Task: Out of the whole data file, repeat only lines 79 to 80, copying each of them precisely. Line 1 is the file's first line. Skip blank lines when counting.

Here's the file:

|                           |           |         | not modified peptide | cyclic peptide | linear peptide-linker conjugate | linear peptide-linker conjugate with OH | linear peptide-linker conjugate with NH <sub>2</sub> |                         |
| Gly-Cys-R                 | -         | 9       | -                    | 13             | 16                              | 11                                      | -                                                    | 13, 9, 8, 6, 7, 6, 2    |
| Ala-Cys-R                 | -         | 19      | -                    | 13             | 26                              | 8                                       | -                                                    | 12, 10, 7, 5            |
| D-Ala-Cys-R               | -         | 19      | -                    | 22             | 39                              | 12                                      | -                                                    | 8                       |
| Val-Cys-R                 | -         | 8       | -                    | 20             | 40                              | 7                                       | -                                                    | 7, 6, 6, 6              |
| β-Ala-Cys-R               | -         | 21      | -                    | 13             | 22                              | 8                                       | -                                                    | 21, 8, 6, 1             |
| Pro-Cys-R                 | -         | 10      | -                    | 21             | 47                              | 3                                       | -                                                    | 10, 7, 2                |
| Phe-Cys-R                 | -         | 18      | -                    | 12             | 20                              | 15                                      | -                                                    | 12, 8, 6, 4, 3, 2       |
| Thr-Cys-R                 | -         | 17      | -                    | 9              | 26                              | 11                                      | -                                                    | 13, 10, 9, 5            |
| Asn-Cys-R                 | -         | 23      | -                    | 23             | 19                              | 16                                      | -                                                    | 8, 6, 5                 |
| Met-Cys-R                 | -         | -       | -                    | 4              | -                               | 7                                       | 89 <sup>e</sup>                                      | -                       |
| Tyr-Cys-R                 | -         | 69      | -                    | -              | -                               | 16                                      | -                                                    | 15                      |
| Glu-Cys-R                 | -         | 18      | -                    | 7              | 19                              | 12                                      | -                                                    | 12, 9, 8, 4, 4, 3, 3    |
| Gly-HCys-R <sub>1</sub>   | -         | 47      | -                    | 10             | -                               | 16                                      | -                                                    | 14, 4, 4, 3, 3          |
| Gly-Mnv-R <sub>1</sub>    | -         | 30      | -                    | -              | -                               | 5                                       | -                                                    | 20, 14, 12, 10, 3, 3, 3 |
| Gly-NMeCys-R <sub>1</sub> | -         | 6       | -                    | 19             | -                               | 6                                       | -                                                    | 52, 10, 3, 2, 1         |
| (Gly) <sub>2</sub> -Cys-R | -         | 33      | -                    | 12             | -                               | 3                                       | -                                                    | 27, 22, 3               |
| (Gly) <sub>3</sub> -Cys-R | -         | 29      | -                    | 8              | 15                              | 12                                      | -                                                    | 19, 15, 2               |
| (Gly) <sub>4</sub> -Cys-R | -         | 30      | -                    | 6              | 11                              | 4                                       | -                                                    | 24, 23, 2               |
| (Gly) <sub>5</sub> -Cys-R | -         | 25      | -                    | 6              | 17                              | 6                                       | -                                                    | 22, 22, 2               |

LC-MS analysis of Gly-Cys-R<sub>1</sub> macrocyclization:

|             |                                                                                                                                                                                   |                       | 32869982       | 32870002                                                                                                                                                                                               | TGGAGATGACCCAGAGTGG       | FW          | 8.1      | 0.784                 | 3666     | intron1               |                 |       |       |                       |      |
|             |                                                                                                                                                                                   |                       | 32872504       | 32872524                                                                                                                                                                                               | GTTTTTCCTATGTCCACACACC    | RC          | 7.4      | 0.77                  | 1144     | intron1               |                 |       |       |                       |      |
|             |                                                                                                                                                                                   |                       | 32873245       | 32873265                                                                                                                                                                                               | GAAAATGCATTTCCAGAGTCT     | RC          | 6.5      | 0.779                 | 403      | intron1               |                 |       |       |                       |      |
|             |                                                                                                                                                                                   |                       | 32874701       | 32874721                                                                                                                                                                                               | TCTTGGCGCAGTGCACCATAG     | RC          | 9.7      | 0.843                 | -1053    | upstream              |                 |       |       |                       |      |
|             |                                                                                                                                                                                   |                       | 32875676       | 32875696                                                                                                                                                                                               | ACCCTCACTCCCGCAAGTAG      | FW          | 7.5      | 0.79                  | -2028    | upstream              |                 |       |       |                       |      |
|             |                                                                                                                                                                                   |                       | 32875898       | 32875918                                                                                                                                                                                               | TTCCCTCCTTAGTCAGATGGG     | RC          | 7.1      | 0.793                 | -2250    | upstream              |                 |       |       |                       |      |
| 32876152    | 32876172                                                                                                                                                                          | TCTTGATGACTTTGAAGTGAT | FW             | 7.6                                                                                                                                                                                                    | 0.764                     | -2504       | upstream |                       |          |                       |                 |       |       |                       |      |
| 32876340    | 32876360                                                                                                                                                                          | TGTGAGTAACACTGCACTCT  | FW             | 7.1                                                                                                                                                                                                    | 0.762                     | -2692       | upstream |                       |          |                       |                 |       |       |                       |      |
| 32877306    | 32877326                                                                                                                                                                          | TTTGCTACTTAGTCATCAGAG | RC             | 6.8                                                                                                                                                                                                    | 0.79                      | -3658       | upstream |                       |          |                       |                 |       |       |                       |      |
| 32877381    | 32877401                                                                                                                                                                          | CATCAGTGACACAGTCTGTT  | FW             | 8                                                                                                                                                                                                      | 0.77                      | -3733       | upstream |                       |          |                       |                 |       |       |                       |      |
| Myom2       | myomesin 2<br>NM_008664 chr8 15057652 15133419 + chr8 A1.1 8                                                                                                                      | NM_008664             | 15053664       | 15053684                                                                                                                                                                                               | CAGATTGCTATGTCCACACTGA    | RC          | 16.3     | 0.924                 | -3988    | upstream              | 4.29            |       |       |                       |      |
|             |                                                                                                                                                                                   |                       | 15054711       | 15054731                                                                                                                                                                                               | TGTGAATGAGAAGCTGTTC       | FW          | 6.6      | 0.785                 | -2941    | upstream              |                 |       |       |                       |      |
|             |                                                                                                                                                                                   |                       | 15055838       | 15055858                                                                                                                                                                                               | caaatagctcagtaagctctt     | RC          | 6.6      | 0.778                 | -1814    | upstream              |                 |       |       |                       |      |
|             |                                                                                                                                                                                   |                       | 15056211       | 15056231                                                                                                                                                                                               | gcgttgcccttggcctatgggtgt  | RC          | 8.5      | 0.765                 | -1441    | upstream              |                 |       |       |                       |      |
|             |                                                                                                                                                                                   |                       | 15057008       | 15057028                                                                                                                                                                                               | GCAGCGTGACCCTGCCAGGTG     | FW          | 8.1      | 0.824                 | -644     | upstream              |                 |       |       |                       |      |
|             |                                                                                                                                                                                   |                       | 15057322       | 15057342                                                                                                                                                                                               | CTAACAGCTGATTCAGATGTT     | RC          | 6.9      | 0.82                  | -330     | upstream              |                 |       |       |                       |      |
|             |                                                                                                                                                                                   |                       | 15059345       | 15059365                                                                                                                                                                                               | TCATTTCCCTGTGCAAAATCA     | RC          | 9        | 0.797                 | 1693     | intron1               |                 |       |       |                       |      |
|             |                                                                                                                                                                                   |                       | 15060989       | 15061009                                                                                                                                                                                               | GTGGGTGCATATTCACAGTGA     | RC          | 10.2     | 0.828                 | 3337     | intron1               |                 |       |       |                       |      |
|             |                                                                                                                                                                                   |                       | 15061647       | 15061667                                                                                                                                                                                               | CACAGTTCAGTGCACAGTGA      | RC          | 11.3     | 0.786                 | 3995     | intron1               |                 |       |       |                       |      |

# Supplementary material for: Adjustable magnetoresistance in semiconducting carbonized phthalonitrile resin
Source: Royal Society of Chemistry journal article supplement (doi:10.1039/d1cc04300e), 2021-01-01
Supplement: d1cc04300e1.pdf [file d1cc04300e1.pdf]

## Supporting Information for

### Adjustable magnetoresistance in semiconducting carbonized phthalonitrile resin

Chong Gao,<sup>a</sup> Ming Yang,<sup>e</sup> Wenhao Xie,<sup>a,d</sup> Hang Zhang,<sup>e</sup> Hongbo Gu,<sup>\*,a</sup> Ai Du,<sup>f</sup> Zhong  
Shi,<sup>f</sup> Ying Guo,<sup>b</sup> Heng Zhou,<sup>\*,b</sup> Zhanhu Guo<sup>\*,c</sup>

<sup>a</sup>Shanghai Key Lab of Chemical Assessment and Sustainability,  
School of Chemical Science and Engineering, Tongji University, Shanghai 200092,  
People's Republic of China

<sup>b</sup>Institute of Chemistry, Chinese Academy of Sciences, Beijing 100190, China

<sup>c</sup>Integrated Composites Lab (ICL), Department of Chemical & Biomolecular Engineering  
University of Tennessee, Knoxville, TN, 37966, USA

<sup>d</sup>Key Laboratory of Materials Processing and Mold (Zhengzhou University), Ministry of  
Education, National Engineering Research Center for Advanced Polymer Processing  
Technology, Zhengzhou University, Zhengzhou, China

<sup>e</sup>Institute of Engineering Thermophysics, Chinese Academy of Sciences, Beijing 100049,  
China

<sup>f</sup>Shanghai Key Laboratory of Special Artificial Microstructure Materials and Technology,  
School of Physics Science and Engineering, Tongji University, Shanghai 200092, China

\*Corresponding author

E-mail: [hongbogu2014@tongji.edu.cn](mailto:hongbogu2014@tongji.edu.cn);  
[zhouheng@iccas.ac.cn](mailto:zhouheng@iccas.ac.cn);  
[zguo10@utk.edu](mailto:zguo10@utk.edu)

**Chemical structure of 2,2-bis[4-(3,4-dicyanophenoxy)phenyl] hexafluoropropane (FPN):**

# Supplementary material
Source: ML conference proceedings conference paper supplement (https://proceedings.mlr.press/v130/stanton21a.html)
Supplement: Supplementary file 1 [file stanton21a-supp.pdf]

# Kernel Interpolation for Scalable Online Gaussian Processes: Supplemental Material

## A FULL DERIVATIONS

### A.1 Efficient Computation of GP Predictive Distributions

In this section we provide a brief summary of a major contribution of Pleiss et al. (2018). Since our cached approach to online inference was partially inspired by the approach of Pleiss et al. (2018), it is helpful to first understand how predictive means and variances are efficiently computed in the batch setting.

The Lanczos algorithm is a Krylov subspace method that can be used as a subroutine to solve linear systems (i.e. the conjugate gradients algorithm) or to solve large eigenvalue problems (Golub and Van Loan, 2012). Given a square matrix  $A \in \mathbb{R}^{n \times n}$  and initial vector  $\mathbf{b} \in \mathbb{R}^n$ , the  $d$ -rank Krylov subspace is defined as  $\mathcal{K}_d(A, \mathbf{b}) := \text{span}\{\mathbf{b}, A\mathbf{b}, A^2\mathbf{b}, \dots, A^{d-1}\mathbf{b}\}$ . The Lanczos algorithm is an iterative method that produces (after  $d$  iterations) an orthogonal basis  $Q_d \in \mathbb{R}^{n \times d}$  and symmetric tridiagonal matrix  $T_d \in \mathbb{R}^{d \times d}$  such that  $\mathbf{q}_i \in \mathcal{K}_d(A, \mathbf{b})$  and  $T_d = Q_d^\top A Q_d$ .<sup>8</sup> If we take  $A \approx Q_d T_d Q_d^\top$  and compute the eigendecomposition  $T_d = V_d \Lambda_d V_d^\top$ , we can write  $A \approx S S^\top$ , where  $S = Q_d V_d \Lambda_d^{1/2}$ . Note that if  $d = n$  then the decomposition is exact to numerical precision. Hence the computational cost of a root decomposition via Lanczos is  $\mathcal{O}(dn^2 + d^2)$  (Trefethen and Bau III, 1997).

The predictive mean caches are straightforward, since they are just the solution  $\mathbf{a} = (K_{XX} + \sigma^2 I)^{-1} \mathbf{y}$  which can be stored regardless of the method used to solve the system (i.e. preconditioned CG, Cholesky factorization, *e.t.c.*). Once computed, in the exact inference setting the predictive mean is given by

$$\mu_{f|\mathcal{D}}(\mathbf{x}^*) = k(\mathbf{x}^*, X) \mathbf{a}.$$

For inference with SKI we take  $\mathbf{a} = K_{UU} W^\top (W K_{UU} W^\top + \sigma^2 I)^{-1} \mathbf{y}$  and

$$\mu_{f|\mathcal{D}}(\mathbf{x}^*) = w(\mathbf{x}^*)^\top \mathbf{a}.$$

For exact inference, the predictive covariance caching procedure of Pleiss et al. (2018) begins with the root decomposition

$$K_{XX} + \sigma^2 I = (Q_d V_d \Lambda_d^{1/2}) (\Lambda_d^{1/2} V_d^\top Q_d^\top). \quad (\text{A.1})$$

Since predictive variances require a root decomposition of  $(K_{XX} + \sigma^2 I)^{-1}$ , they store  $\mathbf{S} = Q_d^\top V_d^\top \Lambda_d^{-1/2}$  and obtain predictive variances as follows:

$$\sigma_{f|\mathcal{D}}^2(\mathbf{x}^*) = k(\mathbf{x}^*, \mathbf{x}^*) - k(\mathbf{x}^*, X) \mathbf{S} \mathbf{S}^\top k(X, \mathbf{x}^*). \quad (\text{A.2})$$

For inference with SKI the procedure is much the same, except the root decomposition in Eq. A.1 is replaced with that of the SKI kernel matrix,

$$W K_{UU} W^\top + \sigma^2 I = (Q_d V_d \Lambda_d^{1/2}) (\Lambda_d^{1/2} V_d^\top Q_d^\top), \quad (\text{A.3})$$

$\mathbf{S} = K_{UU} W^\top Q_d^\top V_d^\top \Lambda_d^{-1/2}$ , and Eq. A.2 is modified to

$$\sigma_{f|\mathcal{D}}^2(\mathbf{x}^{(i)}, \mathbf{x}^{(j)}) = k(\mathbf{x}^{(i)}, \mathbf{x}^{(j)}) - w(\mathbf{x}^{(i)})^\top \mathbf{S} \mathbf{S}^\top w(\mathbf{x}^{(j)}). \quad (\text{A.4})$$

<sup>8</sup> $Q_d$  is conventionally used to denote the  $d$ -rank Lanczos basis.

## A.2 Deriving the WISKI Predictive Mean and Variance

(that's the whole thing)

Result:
$$K_{XX} + \sigma^2 I = (Q_d V_d \Lambda_d^{1/2}) (\Lambda_d^{1/2} V_d^\top Q_d^\top). \quad (\text{A.1})$$

Since predictive variances require a root decomposition of  $(K_{XX} + \sigma^2 I)^{-1}$ , they store  $\mathbf{S} = Q_d^\top V_d^\top \Lambda_d^{-1/2}$  and obtain predictive variances as follows: